Understand the G-protein receptors like never before!!!
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I'm sure that you've talked about the G protein-linked receptors in school, however, you might not have called them G protein-linked receptors.
They go by other names like G protein-linked second messengers or G protein-coupled receptors, that's a pretty common one.
Even conversationally, a lot of people just say the G proteins.
I'm gonna break down those words a little bit later and tell you what each part of it means and why we use those names to refer to these proteins.
But first off, what does the G stand for? Why is it G protein? Well, the G stands for guanine.
These are guanine nucleotide-binding proteins, meaning that they bind guanine nucleotides.
Like for example guanosine triphosphate or its slightly shorter little brother, guanosine diphosphate.
These receptors are extremely important physiologically.
We use them all over our body and they do all kinds of different functions.
These receptors are only found in eukaryotes and are the target of about 40% of all the drugs we use in medicine today.
I just told you that they're very diverse in function however, there's two main signal transduction pathways that you got to know, you have to know them for your boards and that is the cyclic AMP-dependent pathway and the phosphatidylinositol signal pathway, okay? I'll talk about those more in a little bit.
First, let's jump into the structure and function of these things, it's pretty cool.
I told you that I was going to breakdown the names so that you can understand the concepts a little bit better.
First off, let's get started with what does the word "G proteins" mean? Well, the G proteins are a component of this receptor system.
The G proteins are heterotrimeric GTP-binding proteins made of three subunits, hence, heterotrimeric.
First there's the alpha subunit, then the beta subunit and then the gamma subunit.
And you should also notice from my illustration here that the beta and gamma subunits are more tightly linked together than the two are to the alpha subunit.
Actually the beta and the gamma stay connected where the alpha subunit separates itself in normal function.
These G proteins live on the intracellular side of the cell membrane and are attached to or connected to the cell membrane itself by lipid anchors.
The next thing for us to talk about is to define what are the G protein-coupled receptors? Well, these are receptors that live in the membrane and in fact, they pass through the membrane seven times which is an important number, you might be tested on it.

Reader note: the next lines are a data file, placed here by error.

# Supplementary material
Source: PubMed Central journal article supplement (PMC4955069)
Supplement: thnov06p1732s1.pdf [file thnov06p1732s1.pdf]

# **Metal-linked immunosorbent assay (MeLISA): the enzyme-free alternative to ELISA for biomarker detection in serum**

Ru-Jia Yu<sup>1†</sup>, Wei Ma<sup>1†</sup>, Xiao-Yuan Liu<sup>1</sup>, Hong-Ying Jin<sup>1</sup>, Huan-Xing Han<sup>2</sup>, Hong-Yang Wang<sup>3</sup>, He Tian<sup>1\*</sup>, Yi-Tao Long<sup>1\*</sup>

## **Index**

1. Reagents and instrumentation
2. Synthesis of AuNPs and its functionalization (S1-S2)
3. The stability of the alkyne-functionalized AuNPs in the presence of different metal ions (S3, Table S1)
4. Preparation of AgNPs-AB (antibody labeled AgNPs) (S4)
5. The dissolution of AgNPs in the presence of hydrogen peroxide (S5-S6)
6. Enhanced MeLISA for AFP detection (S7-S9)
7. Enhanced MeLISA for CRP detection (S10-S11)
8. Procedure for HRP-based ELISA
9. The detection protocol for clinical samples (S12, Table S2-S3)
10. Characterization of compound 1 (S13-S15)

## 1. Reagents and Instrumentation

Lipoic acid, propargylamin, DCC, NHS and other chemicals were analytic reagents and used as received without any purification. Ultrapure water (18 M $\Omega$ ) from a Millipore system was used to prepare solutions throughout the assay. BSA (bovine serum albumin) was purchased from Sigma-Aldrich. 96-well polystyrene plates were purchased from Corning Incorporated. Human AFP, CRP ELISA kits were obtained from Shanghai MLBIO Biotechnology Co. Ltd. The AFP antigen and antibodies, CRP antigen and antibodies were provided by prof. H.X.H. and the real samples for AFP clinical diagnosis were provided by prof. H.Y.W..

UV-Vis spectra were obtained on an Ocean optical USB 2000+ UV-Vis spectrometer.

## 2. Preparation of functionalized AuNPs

All right, so these G protein-coupled receptors interact with the G proteins and cause oftentimes a confirmational change so that the alpha subunit of the G protein can accept different nucleotides.
What about the term G protein-linked second messengers? Well, that's another component of this system which are cellular target-proteins or enzymes that perform some kind of function when they interact with the G proteins that we've already talked about.
Now they are very diverse but as I said in the beginning, there's two main pathways or two main targets that cause a pathway that you have to understand.
And those two are the cyclic AMP-dependent pathway and the phosphatidylinositol signal pathway, which I abbreviate here as IP3/DAG pathway.
Right now you're probably thinking, Dr. Joel, I have no idea what you're talking about.
Don't worry, I will show you the whole thing working and we'll talk about the parts as we go, and I'm pretty sure that it will make sense after we go through it.
First, we have to set the stage a little bit.
The G proteins or more specifically, the alpha subunit of the G proteins is bound in its resting state to guanosine diphosphate or GDP.
In this state, the receptor is just sitting and waiting.
On the extracellular side of the cell membrane, a ligand comes and it binds with the G protein-coupled receptor causing a confirmational change.
The confirmational change allows the alpha subunit to bind with guanosine triphosphate and release the guanosine diphosphate.
Now, the G proteins are active and as active G proteins, they do a couple of things.
First off, the alpha subunit separates itself from the beta gamma complex.
This kind of frees it up a little bit so it's free to move around.
It's still attached to the membrane by a lipid anchor but the lipid anchor can kind of swim through the membranes.
It's able to move to the target.
It moves the target and it causes the target protein or enzyme to change in some way.
Either the G protein interaction causes the target to speed up what it's doing or slow down what it's doing or stop what it's doing.
It does something to the target protein.